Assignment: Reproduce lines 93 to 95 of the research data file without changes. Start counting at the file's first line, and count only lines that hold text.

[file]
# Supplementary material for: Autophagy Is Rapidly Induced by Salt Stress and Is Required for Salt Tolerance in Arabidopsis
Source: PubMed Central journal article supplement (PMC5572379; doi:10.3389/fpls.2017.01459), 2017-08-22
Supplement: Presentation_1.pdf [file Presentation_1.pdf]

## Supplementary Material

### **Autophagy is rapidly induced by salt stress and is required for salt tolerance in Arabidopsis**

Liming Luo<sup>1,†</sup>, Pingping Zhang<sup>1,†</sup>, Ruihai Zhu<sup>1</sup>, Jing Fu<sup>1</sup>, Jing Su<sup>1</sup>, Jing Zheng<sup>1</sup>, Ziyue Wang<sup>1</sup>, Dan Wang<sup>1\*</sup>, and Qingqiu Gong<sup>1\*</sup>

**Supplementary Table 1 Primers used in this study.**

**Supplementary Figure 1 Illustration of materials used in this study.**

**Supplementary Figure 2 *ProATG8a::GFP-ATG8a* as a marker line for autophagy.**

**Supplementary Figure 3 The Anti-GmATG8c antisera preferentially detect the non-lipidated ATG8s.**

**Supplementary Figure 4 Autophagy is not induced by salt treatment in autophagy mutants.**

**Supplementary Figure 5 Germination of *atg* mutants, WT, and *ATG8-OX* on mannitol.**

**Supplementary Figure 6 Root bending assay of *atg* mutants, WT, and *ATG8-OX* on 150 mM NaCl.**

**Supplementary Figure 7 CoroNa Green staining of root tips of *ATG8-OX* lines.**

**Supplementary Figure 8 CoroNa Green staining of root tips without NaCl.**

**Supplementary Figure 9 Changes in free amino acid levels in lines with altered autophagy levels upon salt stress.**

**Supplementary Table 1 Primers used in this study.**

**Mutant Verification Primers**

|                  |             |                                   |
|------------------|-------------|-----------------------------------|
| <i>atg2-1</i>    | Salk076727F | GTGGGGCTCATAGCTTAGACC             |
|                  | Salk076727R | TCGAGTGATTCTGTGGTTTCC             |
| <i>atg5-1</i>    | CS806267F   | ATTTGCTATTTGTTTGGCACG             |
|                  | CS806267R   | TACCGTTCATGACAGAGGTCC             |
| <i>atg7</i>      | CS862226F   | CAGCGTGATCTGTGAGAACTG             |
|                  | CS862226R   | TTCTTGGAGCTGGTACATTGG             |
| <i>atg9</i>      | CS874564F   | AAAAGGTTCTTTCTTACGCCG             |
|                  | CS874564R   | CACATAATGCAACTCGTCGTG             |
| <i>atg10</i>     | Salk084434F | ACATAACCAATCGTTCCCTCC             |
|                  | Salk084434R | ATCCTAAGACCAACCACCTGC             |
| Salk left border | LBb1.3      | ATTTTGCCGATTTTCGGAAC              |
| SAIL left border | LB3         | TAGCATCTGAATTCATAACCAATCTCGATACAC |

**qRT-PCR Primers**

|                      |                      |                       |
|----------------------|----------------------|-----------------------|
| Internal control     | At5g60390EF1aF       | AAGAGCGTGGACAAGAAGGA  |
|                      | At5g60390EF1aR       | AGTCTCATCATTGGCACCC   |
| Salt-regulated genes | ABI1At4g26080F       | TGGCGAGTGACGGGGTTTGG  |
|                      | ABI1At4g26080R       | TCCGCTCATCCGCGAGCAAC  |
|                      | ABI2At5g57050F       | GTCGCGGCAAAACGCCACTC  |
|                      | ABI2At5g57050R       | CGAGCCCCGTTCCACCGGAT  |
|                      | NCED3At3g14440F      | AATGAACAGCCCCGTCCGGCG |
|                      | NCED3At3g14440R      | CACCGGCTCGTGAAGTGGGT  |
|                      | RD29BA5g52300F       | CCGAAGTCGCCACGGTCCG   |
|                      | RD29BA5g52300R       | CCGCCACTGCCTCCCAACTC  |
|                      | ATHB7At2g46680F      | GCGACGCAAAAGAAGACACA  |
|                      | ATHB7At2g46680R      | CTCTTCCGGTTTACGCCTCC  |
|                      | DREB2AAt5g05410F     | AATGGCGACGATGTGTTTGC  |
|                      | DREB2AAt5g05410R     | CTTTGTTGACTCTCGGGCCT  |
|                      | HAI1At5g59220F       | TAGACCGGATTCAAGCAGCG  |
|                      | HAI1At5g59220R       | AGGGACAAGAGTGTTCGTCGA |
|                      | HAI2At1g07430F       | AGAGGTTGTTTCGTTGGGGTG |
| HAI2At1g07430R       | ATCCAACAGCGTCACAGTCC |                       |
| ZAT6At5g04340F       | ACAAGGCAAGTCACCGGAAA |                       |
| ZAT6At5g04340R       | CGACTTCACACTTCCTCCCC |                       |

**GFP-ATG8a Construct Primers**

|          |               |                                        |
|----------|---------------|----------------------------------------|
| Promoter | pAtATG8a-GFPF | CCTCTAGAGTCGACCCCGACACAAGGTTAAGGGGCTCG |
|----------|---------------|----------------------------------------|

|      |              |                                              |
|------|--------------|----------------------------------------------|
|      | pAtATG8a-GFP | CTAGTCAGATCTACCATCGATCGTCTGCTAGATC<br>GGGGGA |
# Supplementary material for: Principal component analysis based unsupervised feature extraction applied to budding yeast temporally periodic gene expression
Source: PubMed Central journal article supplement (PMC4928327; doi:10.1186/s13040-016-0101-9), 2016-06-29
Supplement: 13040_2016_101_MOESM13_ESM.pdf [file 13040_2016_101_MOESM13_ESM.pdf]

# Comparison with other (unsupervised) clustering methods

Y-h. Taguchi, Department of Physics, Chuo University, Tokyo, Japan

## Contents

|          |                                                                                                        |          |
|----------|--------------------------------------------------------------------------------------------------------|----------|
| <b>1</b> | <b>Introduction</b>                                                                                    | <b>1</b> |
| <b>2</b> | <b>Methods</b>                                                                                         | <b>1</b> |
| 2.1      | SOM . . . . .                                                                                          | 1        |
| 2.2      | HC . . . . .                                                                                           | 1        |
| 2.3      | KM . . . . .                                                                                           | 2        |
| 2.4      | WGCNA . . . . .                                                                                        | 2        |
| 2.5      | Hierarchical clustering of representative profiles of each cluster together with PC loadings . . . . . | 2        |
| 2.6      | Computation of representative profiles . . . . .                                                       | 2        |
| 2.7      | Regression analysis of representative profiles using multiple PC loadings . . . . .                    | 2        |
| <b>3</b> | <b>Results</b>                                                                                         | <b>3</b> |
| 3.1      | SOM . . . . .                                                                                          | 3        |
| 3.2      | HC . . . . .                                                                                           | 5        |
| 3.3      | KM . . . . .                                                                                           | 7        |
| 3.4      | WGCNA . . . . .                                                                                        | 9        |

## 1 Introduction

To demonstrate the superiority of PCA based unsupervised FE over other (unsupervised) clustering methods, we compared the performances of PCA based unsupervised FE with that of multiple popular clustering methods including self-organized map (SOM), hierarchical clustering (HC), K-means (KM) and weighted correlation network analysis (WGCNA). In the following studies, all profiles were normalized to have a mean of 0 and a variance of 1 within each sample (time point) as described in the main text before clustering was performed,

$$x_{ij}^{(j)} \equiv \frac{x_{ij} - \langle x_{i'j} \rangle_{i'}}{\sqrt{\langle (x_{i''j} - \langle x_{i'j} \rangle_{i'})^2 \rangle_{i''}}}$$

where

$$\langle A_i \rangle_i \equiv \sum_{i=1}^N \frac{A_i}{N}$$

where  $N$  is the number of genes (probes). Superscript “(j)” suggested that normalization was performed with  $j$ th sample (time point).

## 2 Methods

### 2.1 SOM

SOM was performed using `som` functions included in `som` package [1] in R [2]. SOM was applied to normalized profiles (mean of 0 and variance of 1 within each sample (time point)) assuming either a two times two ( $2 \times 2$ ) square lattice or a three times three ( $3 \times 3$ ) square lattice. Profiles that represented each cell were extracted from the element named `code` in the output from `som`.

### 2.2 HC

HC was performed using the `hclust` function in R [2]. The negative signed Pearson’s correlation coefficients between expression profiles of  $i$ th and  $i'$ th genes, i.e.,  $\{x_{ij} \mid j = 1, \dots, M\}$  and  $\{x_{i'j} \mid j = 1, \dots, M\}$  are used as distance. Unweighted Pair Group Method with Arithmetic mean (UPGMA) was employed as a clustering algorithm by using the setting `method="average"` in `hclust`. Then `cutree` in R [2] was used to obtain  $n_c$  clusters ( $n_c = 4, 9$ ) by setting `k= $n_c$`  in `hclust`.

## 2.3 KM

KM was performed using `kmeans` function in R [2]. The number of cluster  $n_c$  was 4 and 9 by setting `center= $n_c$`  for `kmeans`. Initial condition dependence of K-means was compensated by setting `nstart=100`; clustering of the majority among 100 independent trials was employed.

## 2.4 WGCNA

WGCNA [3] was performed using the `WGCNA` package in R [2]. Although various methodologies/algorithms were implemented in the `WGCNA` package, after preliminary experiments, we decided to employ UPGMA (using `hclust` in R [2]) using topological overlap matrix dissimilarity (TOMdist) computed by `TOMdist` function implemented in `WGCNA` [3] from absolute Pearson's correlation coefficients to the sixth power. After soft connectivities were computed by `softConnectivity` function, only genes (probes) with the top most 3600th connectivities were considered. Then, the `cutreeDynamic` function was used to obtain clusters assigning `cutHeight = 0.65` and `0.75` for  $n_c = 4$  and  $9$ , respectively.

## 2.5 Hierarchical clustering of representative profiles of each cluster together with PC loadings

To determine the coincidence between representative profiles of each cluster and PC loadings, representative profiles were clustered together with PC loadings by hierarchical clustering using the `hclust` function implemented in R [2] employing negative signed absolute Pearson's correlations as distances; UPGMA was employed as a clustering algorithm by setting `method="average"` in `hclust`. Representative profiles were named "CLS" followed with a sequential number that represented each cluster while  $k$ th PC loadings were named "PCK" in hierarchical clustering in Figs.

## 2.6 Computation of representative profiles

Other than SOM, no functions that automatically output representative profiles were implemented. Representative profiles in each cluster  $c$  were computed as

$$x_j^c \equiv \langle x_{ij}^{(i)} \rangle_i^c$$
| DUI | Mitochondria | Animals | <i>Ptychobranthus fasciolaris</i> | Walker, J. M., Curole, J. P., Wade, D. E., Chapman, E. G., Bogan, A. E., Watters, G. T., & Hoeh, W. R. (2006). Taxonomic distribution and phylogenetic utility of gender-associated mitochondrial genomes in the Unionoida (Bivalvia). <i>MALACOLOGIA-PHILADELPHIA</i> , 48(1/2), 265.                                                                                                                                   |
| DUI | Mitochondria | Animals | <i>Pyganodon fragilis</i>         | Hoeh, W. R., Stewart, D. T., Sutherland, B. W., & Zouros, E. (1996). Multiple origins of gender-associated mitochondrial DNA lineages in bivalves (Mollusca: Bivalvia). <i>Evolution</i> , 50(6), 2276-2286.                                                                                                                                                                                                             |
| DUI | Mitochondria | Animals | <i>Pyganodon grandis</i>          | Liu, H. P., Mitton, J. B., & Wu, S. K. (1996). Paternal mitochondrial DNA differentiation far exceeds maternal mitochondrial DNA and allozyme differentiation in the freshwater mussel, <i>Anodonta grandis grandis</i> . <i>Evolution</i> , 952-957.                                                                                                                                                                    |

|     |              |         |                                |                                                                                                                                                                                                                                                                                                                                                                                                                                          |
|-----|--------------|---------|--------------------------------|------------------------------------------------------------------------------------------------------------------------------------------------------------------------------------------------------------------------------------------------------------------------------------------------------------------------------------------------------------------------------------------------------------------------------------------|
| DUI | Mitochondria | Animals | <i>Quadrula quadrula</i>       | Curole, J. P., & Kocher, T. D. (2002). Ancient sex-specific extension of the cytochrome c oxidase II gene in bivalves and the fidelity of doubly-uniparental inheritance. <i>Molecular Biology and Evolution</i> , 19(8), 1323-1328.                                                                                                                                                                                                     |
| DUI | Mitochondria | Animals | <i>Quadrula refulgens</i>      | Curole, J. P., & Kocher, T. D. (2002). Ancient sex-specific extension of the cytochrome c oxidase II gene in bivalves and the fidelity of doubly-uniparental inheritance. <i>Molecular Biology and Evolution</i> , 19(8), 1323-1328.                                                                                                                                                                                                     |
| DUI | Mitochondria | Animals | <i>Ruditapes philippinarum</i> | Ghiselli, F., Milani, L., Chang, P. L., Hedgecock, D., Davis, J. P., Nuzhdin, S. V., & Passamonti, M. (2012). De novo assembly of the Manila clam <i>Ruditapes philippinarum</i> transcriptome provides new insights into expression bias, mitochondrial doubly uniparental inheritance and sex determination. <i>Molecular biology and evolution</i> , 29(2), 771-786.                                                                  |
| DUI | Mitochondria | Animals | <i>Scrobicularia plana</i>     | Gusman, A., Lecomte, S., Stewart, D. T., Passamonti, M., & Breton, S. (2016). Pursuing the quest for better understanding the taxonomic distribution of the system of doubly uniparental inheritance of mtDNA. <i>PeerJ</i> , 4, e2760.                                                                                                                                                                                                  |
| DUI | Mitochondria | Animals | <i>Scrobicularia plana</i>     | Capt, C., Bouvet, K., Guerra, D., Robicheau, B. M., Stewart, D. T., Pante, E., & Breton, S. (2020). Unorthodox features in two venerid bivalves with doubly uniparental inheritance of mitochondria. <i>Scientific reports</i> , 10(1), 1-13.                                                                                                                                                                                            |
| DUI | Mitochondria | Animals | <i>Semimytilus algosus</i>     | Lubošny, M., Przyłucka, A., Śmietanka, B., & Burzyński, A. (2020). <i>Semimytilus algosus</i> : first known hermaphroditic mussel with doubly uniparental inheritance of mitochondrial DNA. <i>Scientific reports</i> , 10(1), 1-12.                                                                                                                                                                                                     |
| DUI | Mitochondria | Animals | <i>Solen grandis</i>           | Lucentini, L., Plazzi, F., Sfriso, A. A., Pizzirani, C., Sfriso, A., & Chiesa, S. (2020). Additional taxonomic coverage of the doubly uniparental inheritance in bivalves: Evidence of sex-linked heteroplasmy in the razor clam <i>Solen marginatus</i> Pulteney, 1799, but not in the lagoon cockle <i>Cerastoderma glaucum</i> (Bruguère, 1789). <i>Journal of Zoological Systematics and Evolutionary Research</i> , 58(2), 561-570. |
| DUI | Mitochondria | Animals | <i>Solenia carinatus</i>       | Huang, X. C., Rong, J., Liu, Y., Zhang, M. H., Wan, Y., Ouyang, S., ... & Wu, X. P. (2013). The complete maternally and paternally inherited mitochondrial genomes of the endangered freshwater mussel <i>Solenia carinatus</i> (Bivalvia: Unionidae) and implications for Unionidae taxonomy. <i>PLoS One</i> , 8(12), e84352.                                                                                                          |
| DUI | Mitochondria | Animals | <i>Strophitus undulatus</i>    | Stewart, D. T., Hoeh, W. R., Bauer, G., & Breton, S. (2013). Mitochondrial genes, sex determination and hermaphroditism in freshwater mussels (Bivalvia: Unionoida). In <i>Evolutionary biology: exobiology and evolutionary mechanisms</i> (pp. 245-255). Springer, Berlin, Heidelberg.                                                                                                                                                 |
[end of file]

### 2.1 SOM

SOM was performed using `som` functions included in `som` package [1] in R [2]. SOM was applied to normalized profiles (mean of 0 and variance of 1 within each sample (time point)) assuming either a two times two ( $2 \times 2$ ) square lattice or a three times three ( $3 \times 3$ ) square lattice. Profiles that represented each cell were extracted from the element named `code` in the output from `som`.

### 2.2 HC